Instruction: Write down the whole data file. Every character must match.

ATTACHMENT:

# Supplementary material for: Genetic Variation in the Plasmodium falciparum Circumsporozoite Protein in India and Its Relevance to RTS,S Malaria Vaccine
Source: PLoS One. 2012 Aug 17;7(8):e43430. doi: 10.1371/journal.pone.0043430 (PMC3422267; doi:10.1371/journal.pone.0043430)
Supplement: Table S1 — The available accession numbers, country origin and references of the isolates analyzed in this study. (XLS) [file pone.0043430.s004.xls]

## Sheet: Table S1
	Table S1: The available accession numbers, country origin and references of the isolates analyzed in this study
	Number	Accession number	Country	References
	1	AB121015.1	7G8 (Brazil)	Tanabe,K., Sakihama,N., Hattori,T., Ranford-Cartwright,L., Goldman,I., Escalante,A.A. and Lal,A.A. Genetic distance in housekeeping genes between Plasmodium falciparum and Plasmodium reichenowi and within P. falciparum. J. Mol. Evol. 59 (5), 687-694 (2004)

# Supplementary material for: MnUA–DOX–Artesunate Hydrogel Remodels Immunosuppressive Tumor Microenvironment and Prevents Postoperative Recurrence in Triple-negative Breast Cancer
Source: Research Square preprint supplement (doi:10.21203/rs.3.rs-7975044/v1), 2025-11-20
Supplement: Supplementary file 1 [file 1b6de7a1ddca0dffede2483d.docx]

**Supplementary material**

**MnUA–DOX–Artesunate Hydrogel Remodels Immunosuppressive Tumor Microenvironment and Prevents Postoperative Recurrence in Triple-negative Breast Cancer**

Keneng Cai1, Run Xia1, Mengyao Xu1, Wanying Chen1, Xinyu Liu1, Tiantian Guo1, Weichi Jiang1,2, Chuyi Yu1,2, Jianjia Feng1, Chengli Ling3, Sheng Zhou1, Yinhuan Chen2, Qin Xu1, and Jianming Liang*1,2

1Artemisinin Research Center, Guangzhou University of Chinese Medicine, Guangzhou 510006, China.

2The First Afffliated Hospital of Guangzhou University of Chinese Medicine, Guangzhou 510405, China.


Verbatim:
# Supplementary material for: Genetic Variation in the Plasmodium falciparum Circumsporozoite Protein in India and Its Relevance to RTS,S Malaria Vaccine
Source: PLoS One. 2012 Aug 17;7(8):e43430. doi: 10.1371/journal.pone.0043430 (PMC3422267; doi:10.1371/journal.pone.0043430)
Supplement: Table S1 — The available accession numbers, country origin and references of the isolates analyzed in this study. (XLS) [file pone.0043430.s004.xls]

## Sheet: Table S1
	Table S1: The available accession numbers, country origin and references of the isolates analyzed in this study
	Number	Accession number	Country	References
	1	AB121015.1	7G8 (Brazil)	Tanabe,K., Sakihama,N., Hattori,T., Ranford-Cartwright,L., Goldman,I., Escalante,A.A. and Lal,A.A. Genetic distance in housekeeping genes between Plasmodium falciparum and Plasmodium reichenowi and within P. falciparum. J. Mol. Evol. 59 (5), 687-694 (2004)

# Supplementary material for: MnUA–DOX–Artesunate Hydrogel Remodels Immunosuppressive Tumor Microenvironment and Prevents Postoperative Recurrence in Triple-negative Breast Cancer
Source: Research Square preprint supplement (doi:10.21203/rs.3.rs-7975044/v1), 2025-11-20
Supplement: Supplementary file 1 [file 1b6de7a1ddca0dffede2483d.docx]

**Supplementary material**

**MnUA–DOX–Artesunate Hydrogel Remodels Immunosuppressive Tumor Microenvironment and Prevents Postoperative Recurrence in Triple-negative Breast Cancer**

Keneng Cai1, Run Xia1, Mengyao Xu1, Wanying Chen1, Xinyu Liu1, Tiantian Guo1, Weichi Jiang1,2, Chuyi Yu1,2, Jianjia Feng1, Chengli Ling3, Sheng Zhou1, Yinhuan Chen2, Qin Xu1, and Jianming Liang*1,2

1Artemisinin Research Center, Guangzhou University of Chinese Medicine, Guangzhou 510006, China.

2The First Afffliated Hospital of Guangzhou University of Chinese Medicine, Guangzhou 510405, China.